Make it durable. With a big 5.38" body tube and big plywood fins, I was concerned about durability of the rocket over time. So, the first step was to apply a layer of 1.7oz Kevlar and 6 oz fiberglass to the body tube. The LOC BT is non-phenolic cardboard so it really soaked up the epoxy. I also coated the top 4 inches of the inside of the BT with West Systems. I did that for two reasons: one, the NC fit was a bit sloppy and I wanted to take up some of the slack, and, two, I wanted to limit the deterioration of the cardboard near the NC when the wet conditions of Monroe caused the layers of the cardboard tube to unravel.

I sanded the fins using 100 and 150 grit to smooth the flat surfaces and to round the leading and parallel edges. I vacuum bagged the fins with 1.7oz Kevlar wrapped over the leading edge and then applied two layers of six oz 'glass sandwiching each fin. Although I used a vacuum, a hand layup would be fine for this rocket. I just like to keep my hand in, I suppose.

LOC' s directions are very good for assembling the rocket. I assembled the fincan per the instructions with the exception of adding an AeroPack 38mm motor retainer to the MMT. Although the retainer is pricey, it is perfect for this application where the motor mount extends beyond the bottom centering ring. And the retainers are really, really cool!

From here, I made a few changes.

Those stubborn plastic nosecones. The first change concerns the tenaciousness of molded nosecones in wanting to shed paint. It seems no matter what one does, it' s difficult to get paint to stick to the slick plastic. Well, boys and girls, try what I do. I use 100 grit sandpaper to rough up the whole NC. Yes, that' s right. Rough it up. Scrub it with soap and water and let it dry. There will be a lot of fuzzies but paint will stick when the preparation is finished. After the first sanding, go back and fill the mold seams and whatever other imperfections that might exist. Let the filler dry and sand lightly with 100 grit. Use gray Plasti-Kote Spot Filler & Primer for a first coat to identify the big imperfections (gray primer makes imperfections easier to see than white primer). Wet sand with 320 grit. Fill again as necessary. Prime again with Kilz white primer (white is good to use now as a base for the paint). Use a couple or three light coats of this stuff; it comes out very heavy. Let dry and wet sand again with 320 grit. I' d be surprised if you see any fuzzies now. Prime again if needed and/or wet sand with 400 and you' re ready to paint. Try it.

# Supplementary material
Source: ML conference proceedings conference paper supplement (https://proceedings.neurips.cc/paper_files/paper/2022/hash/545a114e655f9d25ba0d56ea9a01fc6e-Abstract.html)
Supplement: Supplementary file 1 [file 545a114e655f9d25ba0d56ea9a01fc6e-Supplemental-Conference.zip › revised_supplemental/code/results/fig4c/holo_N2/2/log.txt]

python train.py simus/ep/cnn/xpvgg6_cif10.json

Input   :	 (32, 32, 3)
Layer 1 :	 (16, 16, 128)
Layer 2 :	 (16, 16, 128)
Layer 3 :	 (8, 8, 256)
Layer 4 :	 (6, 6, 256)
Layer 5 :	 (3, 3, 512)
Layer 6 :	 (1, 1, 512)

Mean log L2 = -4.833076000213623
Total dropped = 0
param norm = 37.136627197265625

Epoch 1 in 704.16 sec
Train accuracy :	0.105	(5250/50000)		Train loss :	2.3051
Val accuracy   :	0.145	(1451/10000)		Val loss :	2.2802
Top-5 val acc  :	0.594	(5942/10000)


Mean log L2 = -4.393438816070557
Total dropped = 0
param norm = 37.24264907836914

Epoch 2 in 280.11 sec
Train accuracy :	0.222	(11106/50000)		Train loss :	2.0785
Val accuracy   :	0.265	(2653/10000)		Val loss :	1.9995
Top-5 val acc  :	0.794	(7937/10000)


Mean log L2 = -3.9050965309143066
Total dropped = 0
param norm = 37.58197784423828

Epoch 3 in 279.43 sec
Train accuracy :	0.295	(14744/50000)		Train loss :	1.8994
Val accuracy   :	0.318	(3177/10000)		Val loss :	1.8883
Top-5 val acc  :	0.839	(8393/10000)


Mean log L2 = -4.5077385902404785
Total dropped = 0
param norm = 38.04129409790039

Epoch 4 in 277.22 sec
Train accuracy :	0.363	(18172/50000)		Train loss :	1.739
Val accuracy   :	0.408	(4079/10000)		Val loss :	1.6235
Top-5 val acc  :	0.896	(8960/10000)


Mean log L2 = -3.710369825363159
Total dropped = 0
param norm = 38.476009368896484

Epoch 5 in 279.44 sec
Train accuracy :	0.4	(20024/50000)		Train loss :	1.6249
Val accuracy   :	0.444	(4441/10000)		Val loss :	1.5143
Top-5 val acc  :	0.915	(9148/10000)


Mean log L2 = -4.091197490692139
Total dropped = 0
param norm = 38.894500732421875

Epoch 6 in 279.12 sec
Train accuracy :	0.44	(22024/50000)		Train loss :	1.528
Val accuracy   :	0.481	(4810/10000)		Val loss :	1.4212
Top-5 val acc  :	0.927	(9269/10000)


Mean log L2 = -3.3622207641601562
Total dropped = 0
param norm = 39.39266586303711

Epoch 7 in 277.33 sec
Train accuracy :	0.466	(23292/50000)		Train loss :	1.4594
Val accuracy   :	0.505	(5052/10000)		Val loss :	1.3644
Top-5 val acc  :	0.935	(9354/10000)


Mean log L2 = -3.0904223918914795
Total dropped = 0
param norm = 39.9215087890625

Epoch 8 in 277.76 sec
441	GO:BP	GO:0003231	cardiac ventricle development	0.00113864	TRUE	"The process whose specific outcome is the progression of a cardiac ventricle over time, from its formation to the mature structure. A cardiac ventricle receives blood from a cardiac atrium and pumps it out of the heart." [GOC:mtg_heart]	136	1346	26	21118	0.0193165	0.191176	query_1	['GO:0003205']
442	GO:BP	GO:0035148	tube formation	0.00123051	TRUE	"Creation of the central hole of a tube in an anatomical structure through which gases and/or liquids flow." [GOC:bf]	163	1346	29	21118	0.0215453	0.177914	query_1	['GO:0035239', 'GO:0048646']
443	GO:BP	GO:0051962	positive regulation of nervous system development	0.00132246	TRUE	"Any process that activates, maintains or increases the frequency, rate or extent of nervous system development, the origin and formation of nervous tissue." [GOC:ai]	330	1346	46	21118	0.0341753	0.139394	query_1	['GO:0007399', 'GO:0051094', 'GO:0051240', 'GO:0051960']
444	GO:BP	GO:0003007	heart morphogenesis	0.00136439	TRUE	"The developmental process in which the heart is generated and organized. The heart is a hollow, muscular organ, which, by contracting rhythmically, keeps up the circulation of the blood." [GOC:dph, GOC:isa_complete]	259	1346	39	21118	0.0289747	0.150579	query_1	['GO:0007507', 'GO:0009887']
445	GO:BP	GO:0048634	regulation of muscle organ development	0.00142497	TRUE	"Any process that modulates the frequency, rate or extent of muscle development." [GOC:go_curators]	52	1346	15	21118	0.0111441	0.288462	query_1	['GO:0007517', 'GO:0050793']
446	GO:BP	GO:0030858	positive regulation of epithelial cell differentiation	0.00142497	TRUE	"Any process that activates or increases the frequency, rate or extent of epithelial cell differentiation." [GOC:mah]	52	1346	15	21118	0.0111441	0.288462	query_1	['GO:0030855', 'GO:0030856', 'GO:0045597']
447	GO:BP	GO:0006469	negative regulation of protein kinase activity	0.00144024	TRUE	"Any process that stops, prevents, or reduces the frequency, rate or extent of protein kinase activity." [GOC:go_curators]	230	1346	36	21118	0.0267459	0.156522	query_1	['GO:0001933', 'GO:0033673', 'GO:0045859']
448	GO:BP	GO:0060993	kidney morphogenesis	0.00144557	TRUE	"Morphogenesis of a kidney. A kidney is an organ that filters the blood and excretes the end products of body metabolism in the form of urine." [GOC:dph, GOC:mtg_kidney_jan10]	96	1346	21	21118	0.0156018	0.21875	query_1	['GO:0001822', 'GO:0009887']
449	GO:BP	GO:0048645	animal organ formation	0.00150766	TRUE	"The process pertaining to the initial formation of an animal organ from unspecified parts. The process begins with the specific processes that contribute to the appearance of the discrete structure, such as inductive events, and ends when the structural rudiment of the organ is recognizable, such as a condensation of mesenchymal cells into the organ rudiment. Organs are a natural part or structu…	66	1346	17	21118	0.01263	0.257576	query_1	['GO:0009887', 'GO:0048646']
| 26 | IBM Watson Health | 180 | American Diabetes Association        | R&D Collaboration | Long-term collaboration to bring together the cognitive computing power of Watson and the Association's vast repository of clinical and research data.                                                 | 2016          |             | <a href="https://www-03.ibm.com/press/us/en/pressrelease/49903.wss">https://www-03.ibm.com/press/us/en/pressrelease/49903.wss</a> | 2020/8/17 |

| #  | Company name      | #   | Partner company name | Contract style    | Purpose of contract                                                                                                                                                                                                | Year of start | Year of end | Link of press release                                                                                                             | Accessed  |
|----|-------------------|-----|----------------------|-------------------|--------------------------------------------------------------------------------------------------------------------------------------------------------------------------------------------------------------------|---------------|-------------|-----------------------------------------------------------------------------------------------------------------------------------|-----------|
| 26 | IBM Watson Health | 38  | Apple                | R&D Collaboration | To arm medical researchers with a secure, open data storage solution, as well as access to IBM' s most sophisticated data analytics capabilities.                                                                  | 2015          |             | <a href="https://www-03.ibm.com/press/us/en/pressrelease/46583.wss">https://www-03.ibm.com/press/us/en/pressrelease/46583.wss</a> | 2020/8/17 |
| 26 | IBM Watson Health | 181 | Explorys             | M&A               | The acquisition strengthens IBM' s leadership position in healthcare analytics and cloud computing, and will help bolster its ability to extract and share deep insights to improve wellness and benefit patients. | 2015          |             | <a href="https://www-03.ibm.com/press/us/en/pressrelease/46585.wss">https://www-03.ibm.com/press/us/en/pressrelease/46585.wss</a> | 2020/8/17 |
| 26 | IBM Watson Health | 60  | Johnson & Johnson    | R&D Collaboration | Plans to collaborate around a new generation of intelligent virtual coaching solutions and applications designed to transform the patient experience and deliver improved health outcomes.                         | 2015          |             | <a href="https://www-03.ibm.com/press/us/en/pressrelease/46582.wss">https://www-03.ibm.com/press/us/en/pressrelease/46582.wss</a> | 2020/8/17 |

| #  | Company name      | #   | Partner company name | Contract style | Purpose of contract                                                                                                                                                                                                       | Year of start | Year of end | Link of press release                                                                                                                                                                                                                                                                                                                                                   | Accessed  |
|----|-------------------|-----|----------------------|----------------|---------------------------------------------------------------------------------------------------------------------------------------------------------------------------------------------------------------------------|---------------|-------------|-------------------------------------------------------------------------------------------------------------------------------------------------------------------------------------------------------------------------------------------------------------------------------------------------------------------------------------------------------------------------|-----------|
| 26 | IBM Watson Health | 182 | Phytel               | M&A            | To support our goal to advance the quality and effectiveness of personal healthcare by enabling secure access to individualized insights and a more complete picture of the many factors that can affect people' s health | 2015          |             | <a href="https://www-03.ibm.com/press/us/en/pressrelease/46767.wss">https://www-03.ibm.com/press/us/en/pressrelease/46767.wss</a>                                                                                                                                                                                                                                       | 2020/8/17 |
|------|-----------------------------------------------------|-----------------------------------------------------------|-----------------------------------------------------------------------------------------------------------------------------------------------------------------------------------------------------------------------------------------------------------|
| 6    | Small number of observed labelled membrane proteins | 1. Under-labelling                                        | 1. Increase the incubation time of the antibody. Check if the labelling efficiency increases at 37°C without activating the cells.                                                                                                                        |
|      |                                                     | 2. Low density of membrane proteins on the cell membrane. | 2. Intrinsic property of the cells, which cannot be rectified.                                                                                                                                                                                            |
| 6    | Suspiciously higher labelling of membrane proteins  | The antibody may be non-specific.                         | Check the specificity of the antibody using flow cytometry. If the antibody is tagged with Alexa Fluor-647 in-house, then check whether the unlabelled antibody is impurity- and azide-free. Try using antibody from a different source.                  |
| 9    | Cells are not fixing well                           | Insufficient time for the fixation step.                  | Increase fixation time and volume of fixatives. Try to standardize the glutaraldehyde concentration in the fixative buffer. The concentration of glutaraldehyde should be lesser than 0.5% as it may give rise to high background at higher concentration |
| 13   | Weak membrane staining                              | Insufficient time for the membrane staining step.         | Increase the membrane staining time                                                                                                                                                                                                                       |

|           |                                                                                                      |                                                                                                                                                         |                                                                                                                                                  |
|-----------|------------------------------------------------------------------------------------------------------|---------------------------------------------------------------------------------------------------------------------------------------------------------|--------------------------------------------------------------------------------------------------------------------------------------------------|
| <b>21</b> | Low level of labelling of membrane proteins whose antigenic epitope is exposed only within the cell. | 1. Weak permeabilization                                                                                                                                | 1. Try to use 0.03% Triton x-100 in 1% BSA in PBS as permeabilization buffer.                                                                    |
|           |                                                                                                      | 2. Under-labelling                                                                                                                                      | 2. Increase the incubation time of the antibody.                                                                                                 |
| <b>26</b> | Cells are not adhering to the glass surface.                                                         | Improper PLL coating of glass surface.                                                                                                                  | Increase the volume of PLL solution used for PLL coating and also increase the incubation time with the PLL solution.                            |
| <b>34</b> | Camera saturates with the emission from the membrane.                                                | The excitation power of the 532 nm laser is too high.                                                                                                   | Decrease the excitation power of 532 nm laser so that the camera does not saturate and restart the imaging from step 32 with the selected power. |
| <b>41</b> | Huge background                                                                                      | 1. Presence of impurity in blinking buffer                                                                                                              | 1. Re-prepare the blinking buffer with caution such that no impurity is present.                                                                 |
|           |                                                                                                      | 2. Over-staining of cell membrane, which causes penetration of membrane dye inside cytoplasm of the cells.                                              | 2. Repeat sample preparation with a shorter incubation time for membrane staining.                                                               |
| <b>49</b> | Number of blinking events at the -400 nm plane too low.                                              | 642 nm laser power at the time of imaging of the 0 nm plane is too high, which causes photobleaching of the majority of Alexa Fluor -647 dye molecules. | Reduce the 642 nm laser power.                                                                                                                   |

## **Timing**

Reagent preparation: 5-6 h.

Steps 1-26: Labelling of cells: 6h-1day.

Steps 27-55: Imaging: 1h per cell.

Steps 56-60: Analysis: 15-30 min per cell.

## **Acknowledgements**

NC Shock Cord Attachment. The NC has a big extrusion on it to be used for securing an eyebolt. It certainly would work but there' s an alternative. The V-2 requires nose weight due to the center of pressure those fins create on a short rocket body. The instructions suggest drilling a 5/8" hole in the side of the base of the nosecone to be used to pour an epoxy/steel shot mixture into the nosecone. I decided not to do that. I drilled out the plastic extrusion with a 3/4" wood spade bit. I like to use a toggle bolt to hold onto a 1/4" eyebolt for fastening the shockcord to the NC. Plus it adds weight to the nose in a rocket where nose weight is critical.

Adding Noseweight. The kit comes with 8 ounces of steel shot to be inserted with epoxy into the nosecone. A finishing nail is to be used as a retention device for the steel shot/epoxy mixture by drilling a hole crosswise through the tip of the NC and inserting. The steel shot/epoxy is then poured over this nail and holds everything in place. The ends of the nail are then filed or ground down to fit the contour of the nosecone. LOC recommends flying the V-2 on nothing larger than an I-284 and the weight is calculated accordingly. But my construction isn't stock. I' e added epoxy and fiberglass weight. Not a lot of weight but it should be considered. I've also added a motor retainer. Light, to be sure, but still to be considered. With the rocket built and primed, I used Rocksim to determine the Barrowman and Rocksim centers of pressure. There was a big difference in these calculations but I knew the real Cp was somewhere about 2" ahead of the fins. I then took the biggest motor (J350) that I thought that I would fly and taped it to the rear of the rocket. I put the casing into the motor tube and fastened the retainer. I installed the parachute I'm going to use (60" Top flight after weighing the V-2 ), 20' of 9/16" military spec nylon tubing, Nomex shields and quicklinks. I then taped the 8 ounces of steel shot to the tip of the nosecone. Finding the center of gravity, I added another 6 ounces (overkill) of steel shot after repeated measurements designed to move the Cg farther away from the Cp. I wanted 1.0+ calibers for safety and feel I'm pretty close to that.